putting them in the boost/ subdirectory, but this hasn't really been
  discussed with .a/.so files.
- it is user-friendly. Many users won't care about [a potentially]
  complicated build process. They just want to *use* boost. Separating
  the build/install and the use of boost is important to this concept.
- it is system administrator-friendly. While boost is still growing and
  evolving, don't forget that many users just want to *use* boost, and not
  participate in all the development. Hence, you may find that some
  people get new boost tarballs infrequently -- they only install new
  versions when there's something in their version that is broken, or
  there's a new feature that they need. These users will prod their
  sysadmins to install boost in a central place so that everyone can use
  it. And the sysadmin wants to spend an absolute minimum of time
  installing a package (trust me). So the more standard, the better.

Sorry, that last point got to be much longer than I had anticipated. :-)

(donning my oxygen tank and flame-retardant suit)


A few clarifications about the "Directory Structure" section in the boost
guidelines (more/lib_guide.htm):

- The subdirectory "doc" appears to be missing its <code></code> tags.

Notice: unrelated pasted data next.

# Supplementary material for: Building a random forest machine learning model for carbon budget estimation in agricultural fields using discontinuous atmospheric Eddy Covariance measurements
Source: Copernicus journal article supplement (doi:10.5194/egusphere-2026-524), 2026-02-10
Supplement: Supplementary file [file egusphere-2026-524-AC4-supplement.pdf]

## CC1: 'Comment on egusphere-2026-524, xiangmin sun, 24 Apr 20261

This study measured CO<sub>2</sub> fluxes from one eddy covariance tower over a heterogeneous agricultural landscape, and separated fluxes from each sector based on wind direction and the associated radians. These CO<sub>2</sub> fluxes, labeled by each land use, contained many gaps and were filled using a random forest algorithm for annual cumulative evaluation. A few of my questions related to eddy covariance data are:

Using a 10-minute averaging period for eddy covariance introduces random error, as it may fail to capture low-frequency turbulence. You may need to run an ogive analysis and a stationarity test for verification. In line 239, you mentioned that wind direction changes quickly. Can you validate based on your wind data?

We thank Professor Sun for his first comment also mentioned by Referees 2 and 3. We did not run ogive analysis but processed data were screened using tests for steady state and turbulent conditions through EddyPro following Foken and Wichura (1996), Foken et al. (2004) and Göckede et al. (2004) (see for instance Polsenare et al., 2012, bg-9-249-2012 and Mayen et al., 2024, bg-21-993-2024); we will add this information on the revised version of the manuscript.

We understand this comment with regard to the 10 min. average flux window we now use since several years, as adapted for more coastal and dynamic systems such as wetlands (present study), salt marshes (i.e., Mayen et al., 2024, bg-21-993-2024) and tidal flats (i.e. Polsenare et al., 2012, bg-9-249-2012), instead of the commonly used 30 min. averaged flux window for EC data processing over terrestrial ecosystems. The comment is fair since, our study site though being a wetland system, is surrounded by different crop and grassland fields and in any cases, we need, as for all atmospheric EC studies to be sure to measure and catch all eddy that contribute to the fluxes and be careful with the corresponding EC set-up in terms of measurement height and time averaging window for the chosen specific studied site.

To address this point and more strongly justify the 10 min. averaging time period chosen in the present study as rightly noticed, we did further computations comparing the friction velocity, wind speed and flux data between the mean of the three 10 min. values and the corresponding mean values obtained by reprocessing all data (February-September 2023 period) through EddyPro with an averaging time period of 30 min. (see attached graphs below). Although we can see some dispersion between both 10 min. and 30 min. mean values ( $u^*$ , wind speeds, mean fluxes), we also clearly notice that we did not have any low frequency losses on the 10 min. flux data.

- The "Required" column uses the word "several" in multiple places, such
  as "If several doc files". What is the definition of "several"? Would
  it be better to specify a number, such as "If more than 1 doc file"?
- Or, even better, should it be mandated that *all* doc files (regardless
  of whether there are 1 or 100) go in doc/? That way, the user will
  always know where to find the docs; be in the top-level or in doc/ --
  they'll always be in doc/.

More to the point -- are these guidelines, or required standards?
There's a blanket statement: "Not every guideline applies to every
library, but a reasonable effort to comply is expected", but that still
leaves things open to interpretation.

I'm not saying that everything must be absolute, but clearing up ambiguous
language would certainly benefit everyone.


Finally -- a note on CVS. Yes, CVS can be quite evil, particularly when
you want to rename/move directories. As noted, you can really only do
this properly (i.e., without trashing the history) by directly mucking
around in the CVSROOT. Since boost is hosted on SourceForge, this can't
be done, since no one can directly access the CVSROOT.

However, the SourceForge folks have shown to be quite accommodating.
I'd be willing to bet that they'll help out -- has anyone mailed them
and asked what can be done about this? I can't imagine that boost is
the first project to encounter this problem. And if they don't allow
such thing, perhaps the boost CVSROOT can be moved elsewhere...?

{+} Jeff Squyres
{+} squyres_at_[hidden]
{+} Perpetual Obsessive Notre Dame Student Craving Utter Madness
{+} "I came to ND for 4 years and ended up staying for a decade"